Feature Story | 11-Apr-2023

Andrew Ullman, Wigner Fellow, gets a charge out of batteries

DOE/Oak Ridge National Laboratory

Andrew Ullman had the pleasure of graduating high school not once, but twice.

He had enough academic credits in Delaware, where he grew up, to graduate midway through senior year, and then he graduated, again, from a high school in Adelaide, Australia, where his father, a professor, was taking a year’s sabbatical.

“School started in February; that’s their fall, so I just went straight from finishing my first semester (senior year) in Delaware to doing another full year of grade 12 in Australia,” said Ullman, a Eugene P. Wigner Fellow at the Department of Energy’s Oak Ridge National Laboratory in Tennessee.

Two diplomas were plenty for Carleton College, where Ullman earned an undergraduate degree in chemistry, and for the Massachusetts Institute of Technology, where he enrolled in the inorganic chemistry doctoral program. He ultimately earned his doctorate in chemistry from Harvard University, where he transferred when his mentor, professor Daniel G. Nocera, moved there midway through his program.

Ullman’s dissertation focused on polynuclear cobalt complexes as models of a cobalt-based water oxidation catalyst. His research provided the understanding needed to further optimize the activity of metal-oxide-based water oxidation catalysts in neutral pHs.

That interest brought him to DOE’s Sandia National Laboratories, where he worked on projects related to metal-organic frameworks for electronic devices and sensing applications after receiving his doctorate. He then went to work for Sepion Technologies, a battery company in San Francisco, before coming to ORNL in 2020.

Ullman was always interested in math and science. “It just came naturally to me,” he said. “I found it interesting, and it challenged me intellectually. Writing a paper for English class was excruciating, but diving into a problem set for chemistry I really enjoyed.”

As a Distinguished Staff Fellow in the Chemical Sciences Division focused on energy storage and conversion, Ullman is using chemistry to devise a better battery. He is broadly interested in electrochemical energy conversion — how electrons are transported and how chemical reactions are controlled by electrochemistry. That interest led him to batteries research within ORNL’s Energy Storage and Conversion group.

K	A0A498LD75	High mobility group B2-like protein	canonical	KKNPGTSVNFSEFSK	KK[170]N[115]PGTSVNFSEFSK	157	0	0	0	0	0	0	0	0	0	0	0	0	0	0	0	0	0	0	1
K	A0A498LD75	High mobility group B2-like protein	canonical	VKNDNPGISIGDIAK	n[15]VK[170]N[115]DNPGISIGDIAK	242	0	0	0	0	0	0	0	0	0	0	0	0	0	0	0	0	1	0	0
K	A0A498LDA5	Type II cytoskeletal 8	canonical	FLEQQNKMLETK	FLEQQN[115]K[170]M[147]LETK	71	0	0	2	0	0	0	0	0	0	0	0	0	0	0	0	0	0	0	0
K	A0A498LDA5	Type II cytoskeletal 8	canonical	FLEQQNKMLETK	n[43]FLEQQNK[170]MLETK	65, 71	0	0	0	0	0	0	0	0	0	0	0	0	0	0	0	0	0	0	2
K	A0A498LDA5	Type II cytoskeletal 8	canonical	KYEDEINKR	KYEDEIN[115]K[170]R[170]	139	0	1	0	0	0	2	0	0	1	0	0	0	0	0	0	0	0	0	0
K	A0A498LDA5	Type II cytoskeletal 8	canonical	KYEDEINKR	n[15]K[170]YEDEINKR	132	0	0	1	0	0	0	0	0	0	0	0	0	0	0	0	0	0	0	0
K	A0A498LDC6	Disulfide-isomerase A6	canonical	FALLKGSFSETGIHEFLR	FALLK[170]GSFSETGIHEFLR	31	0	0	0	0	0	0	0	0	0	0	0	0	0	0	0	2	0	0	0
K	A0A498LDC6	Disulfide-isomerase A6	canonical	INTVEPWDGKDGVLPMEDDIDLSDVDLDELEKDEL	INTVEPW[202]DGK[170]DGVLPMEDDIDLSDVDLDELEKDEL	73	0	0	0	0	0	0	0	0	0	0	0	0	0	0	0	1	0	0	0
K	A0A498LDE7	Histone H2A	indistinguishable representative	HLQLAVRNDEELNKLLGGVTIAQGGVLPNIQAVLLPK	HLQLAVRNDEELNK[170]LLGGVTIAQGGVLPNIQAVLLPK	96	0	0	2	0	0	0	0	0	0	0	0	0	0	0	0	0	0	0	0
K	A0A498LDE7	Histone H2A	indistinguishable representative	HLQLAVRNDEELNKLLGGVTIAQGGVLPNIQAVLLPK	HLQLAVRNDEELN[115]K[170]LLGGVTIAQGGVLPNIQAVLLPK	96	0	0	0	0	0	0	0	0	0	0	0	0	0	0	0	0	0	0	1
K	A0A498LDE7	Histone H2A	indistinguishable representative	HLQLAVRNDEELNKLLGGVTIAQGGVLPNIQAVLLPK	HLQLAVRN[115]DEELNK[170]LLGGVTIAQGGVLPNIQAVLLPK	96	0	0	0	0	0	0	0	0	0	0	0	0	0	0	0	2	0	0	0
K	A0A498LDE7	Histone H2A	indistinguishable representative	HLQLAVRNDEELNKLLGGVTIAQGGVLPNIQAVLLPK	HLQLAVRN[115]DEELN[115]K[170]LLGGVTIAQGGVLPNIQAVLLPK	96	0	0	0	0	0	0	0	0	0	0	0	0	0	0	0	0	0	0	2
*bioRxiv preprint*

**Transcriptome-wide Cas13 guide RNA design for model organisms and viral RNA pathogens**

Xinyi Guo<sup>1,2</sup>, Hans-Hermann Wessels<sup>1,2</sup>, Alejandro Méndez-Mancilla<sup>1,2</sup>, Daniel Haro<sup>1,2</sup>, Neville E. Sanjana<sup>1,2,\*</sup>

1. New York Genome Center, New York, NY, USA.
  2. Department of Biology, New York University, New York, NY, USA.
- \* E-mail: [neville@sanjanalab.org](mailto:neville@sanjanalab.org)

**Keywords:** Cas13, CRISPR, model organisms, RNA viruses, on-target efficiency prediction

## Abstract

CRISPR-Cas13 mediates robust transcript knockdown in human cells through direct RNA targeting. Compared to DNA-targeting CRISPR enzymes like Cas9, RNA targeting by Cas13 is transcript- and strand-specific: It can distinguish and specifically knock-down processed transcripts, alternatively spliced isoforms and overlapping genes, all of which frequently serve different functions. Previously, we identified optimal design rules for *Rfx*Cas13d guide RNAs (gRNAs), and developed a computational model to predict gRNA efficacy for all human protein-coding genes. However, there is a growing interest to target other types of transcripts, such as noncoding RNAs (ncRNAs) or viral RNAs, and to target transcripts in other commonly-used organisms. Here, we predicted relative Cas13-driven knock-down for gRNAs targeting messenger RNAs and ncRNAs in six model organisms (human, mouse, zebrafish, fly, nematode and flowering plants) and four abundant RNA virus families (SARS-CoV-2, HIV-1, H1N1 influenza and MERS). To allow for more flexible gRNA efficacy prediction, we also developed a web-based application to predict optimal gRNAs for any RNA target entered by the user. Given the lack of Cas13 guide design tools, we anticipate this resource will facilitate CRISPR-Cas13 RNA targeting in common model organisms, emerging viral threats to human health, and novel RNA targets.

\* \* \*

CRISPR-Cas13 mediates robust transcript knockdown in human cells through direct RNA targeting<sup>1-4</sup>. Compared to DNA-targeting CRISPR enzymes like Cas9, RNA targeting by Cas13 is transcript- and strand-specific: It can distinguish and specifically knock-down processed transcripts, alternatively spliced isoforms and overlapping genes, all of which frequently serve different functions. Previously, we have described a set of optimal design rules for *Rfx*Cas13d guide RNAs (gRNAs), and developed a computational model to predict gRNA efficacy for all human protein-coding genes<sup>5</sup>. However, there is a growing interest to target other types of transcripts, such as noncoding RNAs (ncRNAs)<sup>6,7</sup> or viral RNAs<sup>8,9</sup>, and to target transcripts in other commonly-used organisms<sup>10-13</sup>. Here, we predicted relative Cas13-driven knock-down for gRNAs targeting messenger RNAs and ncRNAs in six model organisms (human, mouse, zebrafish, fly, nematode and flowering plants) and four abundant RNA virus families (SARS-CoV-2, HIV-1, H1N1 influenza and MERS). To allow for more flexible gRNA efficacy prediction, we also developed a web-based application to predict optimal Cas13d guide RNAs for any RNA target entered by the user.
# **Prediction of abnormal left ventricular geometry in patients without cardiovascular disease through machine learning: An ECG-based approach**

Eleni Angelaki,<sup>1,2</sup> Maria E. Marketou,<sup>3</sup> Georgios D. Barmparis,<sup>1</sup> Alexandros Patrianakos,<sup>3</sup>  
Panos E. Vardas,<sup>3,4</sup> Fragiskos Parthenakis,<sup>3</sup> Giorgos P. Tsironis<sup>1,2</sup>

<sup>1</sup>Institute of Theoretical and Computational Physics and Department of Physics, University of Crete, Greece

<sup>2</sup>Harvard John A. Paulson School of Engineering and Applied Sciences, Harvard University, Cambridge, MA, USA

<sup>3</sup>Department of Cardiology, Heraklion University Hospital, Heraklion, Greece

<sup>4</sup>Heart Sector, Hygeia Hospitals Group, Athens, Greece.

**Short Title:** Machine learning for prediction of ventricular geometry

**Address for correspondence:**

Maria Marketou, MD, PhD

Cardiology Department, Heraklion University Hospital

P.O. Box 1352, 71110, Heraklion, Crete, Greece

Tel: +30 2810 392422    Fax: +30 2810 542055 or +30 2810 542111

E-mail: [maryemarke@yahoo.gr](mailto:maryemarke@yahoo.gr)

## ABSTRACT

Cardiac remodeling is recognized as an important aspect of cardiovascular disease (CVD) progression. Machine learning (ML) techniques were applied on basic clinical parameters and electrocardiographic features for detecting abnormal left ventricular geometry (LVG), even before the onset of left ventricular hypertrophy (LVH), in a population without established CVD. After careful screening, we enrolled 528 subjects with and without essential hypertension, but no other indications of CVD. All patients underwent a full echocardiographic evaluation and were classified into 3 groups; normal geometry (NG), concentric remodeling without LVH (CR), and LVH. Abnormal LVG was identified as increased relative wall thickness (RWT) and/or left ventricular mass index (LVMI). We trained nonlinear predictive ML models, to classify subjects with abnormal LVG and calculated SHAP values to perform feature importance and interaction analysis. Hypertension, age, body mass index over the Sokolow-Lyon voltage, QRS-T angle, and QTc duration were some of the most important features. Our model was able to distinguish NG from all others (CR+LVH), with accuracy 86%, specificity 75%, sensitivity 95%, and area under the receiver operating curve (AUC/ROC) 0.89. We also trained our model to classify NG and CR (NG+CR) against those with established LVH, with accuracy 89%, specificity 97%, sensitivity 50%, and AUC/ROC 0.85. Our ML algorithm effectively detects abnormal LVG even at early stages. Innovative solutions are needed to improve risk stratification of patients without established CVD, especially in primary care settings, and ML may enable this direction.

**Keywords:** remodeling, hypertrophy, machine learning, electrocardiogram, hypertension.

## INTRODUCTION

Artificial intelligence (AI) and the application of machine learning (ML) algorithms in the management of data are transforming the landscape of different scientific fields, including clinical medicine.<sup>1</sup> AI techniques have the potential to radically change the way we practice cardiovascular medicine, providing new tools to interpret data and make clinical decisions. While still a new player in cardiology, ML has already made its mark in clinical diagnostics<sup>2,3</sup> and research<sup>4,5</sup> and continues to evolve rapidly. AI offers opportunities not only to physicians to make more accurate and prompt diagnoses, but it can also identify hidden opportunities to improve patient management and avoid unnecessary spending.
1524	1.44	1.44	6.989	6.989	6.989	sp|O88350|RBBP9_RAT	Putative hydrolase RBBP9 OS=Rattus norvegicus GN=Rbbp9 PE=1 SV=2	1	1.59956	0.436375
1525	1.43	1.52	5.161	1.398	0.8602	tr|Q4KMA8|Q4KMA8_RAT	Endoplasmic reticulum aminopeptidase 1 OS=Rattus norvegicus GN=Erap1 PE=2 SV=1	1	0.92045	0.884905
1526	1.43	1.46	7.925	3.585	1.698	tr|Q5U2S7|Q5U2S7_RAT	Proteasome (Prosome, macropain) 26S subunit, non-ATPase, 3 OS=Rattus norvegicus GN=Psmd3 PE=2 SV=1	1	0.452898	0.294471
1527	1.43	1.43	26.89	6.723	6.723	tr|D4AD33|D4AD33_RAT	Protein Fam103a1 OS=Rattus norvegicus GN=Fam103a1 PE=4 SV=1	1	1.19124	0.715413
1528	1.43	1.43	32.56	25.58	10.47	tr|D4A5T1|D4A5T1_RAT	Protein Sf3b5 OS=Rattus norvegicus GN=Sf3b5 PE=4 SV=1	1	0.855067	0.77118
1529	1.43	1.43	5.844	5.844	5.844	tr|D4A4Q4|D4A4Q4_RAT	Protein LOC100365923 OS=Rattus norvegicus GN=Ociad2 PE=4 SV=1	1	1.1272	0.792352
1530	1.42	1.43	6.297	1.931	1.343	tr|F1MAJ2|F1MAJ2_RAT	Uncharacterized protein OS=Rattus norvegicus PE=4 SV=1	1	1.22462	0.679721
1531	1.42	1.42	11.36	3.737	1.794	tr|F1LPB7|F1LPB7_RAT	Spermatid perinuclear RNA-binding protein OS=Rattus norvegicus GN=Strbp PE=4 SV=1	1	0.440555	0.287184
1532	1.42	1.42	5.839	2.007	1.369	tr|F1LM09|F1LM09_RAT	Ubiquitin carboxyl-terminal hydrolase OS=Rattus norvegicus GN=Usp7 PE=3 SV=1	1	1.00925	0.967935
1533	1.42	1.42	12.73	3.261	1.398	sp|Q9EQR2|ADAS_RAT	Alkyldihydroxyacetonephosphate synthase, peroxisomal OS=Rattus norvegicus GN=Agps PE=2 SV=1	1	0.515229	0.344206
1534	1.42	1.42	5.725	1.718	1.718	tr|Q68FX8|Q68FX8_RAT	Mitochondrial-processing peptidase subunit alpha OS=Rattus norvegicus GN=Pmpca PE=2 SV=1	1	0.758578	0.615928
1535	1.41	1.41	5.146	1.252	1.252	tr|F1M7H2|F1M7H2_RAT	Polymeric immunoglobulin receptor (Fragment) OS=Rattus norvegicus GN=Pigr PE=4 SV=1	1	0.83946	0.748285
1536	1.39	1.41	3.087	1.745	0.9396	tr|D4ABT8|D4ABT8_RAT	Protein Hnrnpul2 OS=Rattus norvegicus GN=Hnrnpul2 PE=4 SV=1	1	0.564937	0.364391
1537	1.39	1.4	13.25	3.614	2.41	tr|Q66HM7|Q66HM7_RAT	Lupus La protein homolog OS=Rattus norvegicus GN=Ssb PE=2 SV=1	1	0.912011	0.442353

Today's batteries do not last as long as people need, particularly for their cellphones or electric vehicles. Ullman also is interested in replacing the materials currently used in batteries with ones that will be robust and allow for the efficient plating and stripping of lithium metal. That change would remove a significant amount of mass and volume from a battery’s anode. “In the end, you get a safer battery that stores more energy in a smaller volume,” Ullman said.

A battery that has high energy density, inherent safety and a long life is the trifecta of energy storage. It could be used, Ullman said, for “anything that moves: cars, cellphones, flights, drones — you could reimagine a whole new industry.”

Ullman himself appears to be full of energy. He is a big fan of ultimate frisbee — he’d play every weekend if he could. Ullman now spends a lot of his nonresearch time with his wife raising three girls, who demand a lot of time. He enjoys rock climbing, hiking and camping with the family. “Anything that makes me a better dad is important to me,” he said.

Working at ORNL is a terrific fit for his career interests. “There is a huge amount of incredibly talented people around,” Ullman said. “As I meet more and more people, I realize there are more and more opportunities for building scientific collaborations. In my experience, that is the true superpower of working at a national lab; you can team up with experts in different subfields, come together and get really impactful things done quickly.”

Although he studied at the University of Adelaide for six months and traveled much of the country, he would not mind returning to Australia’s west coast. “Maybe I could visit a mine where they produce lithium and nickel used in today’s batteries,” he said.

ORNL’s Distinguished Staff Fellowship program aims to cultivate future scientific leaders by providing dedicated mentors, world-leading scientific resources and enriching research opportunities. Fellowships are awarded to outstanding early-career scientists and engineers who demonstrate success within their academic, professional and technical areas. Fellowships are awarded for fundamental, experimental and computational sciences in a wide range of science areas.

UT-Battelle manages ORNL for the DOE’s Office of Science, the single largest supporter of basic research in the physical sciences in the United States. The Office of Science is working to address some of the most pressing challenges of our time. For more information, please visit energy.gov/science. Lawrence Bernard

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